The Health Ministry on Wednesday also reported 1,045 deaths in the past 24 hours, taking total fatalities up to 66,333. It now has the third-most deaths after recently passing Mexico’s toll, according to a Johns Hopkins University tally.

Infections have been spreading fast from people in India’s big cities to smaller towns and rural areas.

Its testing capacity of nearly 100,000 per day has been increasing but experts say it is not enough.

On Wednesday, the Indian Council of Medical Research, India’s top medical research body, said the country had conducted nearly 44 million tests for the virus since the pandemic began.


SEOUL, South Korea — South Korea has recorded 267 additional cases of the coronavirus, marking a triple-digit daily jump for the 20th straight day that has forced local authorities to impose tough social distancing rules.

The Korea Centers for Disease Control and Prevention said Wednesday the additional figures took the country’s tally to 20,449 that includes 326 deaths.

The agency says 253 of the new cases were locally infected patients, 187 of them in the densely populated Seoul metropolitan area.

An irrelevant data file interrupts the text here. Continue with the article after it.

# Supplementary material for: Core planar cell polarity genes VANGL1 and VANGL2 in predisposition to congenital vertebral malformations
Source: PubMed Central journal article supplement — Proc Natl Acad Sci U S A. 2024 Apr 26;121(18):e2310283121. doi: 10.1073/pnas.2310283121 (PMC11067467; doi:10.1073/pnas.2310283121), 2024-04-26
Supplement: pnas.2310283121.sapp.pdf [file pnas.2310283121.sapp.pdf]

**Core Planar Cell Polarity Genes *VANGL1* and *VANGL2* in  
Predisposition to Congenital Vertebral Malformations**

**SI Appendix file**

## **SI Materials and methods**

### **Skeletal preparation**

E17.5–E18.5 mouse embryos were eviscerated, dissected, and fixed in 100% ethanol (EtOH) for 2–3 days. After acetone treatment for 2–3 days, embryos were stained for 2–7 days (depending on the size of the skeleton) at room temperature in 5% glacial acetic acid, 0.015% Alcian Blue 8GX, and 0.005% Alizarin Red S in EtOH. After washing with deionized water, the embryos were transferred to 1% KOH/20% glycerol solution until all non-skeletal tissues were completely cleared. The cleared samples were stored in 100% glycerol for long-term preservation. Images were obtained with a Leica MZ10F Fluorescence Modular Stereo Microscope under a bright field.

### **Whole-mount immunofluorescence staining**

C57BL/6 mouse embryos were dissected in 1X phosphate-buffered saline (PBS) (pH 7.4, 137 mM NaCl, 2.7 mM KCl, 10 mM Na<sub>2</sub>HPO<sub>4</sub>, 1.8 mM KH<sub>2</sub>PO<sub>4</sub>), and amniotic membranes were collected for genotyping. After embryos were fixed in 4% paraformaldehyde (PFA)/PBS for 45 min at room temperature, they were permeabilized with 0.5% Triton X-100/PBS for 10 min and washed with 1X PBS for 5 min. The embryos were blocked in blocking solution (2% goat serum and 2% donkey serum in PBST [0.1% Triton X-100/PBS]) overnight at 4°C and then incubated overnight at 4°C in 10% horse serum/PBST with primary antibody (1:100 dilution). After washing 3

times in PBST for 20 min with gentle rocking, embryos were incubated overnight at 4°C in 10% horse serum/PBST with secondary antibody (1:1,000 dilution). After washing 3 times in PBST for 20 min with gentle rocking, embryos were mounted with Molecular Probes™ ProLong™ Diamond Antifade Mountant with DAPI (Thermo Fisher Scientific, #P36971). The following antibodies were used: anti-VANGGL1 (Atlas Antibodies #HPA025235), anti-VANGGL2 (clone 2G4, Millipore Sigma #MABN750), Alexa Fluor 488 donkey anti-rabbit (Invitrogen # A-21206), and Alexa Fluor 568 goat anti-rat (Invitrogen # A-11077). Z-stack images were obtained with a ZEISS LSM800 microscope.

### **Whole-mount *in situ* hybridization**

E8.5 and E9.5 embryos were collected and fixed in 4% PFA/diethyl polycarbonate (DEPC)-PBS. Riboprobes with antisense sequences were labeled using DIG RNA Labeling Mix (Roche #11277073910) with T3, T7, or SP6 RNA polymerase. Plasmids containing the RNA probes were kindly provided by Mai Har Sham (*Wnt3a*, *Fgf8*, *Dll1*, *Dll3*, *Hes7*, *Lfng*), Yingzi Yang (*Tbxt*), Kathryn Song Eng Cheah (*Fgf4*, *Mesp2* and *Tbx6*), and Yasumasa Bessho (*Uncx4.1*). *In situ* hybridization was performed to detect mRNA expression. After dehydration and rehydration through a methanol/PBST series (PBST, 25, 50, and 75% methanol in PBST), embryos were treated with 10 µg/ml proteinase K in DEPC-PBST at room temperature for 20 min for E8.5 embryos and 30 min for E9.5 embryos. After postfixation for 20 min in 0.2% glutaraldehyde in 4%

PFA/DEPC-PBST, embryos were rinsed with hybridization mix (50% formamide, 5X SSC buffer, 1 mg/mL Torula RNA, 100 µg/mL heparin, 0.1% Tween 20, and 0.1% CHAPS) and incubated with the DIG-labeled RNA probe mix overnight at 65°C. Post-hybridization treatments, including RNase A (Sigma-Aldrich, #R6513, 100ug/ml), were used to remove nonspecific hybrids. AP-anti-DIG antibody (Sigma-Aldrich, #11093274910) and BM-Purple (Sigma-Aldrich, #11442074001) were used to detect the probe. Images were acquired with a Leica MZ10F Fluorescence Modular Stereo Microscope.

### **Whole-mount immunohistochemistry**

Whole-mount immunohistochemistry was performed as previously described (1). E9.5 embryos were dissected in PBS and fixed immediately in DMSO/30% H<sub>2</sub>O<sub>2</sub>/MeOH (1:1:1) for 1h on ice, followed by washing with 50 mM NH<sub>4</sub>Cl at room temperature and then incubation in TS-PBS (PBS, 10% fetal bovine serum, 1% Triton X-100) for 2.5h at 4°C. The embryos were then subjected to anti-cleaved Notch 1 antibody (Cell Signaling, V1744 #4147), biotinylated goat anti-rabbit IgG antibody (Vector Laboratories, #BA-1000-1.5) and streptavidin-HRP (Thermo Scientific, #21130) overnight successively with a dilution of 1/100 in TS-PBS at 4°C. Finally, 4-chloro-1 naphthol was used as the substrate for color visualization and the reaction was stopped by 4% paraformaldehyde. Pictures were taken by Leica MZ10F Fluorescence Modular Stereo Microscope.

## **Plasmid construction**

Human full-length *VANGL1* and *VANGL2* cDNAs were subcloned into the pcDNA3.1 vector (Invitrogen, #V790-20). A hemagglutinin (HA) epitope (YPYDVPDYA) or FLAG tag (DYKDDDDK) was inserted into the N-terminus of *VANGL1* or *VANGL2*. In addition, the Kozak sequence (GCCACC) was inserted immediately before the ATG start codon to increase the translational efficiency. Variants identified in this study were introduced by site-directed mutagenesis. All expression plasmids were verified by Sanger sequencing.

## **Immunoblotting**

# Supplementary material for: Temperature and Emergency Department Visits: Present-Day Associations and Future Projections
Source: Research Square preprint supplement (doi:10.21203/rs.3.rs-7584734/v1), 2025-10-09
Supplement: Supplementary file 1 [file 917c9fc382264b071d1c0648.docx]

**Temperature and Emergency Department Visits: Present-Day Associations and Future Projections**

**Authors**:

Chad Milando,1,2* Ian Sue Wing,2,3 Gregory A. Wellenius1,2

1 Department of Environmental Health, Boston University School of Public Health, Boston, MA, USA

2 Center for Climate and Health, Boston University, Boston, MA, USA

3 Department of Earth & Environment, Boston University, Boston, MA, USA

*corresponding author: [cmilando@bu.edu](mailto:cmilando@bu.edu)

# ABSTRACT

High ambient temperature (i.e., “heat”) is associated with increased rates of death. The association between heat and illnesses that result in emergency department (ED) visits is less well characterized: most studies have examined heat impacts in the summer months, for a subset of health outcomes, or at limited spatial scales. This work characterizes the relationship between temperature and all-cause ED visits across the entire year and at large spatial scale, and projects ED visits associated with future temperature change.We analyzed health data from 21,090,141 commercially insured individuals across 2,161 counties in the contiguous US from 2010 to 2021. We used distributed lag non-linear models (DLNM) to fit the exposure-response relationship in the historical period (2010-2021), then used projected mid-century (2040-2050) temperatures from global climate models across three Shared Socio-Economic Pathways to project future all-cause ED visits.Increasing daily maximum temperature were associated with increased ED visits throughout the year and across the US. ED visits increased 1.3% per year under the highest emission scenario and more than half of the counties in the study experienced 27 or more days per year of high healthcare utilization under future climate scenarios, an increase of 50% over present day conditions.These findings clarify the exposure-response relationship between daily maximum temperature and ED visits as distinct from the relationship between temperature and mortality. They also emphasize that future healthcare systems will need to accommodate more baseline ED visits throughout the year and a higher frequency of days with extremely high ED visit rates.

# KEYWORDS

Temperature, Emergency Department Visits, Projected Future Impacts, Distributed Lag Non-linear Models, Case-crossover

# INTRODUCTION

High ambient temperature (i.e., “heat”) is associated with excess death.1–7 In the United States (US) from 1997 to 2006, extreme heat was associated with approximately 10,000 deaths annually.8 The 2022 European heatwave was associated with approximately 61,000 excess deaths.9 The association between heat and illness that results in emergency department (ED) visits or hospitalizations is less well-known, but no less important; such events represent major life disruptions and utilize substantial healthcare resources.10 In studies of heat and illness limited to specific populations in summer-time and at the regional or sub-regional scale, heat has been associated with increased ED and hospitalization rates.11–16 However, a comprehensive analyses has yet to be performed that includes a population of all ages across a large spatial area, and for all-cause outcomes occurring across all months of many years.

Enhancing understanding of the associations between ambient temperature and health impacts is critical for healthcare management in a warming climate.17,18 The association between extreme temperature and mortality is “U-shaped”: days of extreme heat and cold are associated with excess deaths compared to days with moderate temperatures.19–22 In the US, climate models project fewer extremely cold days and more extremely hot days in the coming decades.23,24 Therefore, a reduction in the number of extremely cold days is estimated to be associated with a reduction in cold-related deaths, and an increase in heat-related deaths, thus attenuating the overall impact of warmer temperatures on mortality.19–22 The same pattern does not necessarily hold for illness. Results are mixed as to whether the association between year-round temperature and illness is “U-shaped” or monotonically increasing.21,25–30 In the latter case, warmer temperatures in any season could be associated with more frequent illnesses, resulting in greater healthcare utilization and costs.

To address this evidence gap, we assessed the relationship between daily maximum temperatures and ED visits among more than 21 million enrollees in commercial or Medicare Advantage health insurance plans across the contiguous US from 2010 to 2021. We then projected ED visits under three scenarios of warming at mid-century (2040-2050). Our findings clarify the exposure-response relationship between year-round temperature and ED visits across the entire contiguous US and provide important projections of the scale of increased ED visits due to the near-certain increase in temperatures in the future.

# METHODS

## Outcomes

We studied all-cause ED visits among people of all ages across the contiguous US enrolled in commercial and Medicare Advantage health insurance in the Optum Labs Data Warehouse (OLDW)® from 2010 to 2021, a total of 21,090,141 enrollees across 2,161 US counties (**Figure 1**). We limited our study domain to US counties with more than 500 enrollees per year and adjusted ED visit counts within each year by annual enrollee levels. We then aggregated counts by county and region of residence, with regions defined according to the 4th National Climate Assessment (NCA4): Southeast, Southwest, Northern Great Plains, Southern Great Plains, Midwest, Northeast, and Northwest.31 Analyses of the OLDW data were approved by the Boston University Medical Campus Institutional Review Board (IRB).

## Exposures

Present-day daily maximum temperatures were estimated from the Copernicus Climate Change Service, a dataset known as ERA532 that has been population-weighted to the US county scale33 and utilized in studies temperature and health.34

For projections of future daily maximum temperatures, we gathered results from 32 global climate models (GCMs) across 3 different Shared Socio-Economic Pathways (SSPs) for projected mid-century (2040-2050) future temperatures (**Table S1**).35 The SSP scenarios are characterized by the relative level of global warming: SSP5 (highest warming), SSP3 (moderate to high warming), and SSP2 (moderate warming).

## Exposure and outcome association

South Korea has seen a spike in infections since early last month, many associated with churches, restaurants, schools and a public rally. Authorities have recently restricted dining at restaurants and ordered the shutdowns of churches, fitness centers and night establishments in the Seoul area as it struggles to track many of the new infections.

The caseload has trended slightly downward in recent days, but health officials have urged the public to keep following strengthened social distancing guidelines.


MELBOURNE, Australia — Australia’s hot spot Victoria state on Wednesday extended its state of emergency for another six months as its weekly average of new COVID-10 infections dipped to 95.

The Victorian Parliament’s upper chamber passed legislation by a 20-19 vote to extend the state of emergency, which enhances the government’s powers to impose pandemic restrictions.

The government had wanted a 12-month extension.

The state health department reported 90 new infections and six deaths in the latest 24-hour period. There were only 70 new infections on Tuesday.

But the latest seven-day average has dropped into double-digits for the first time in weeks. The previous week’s average was 175 infections a day.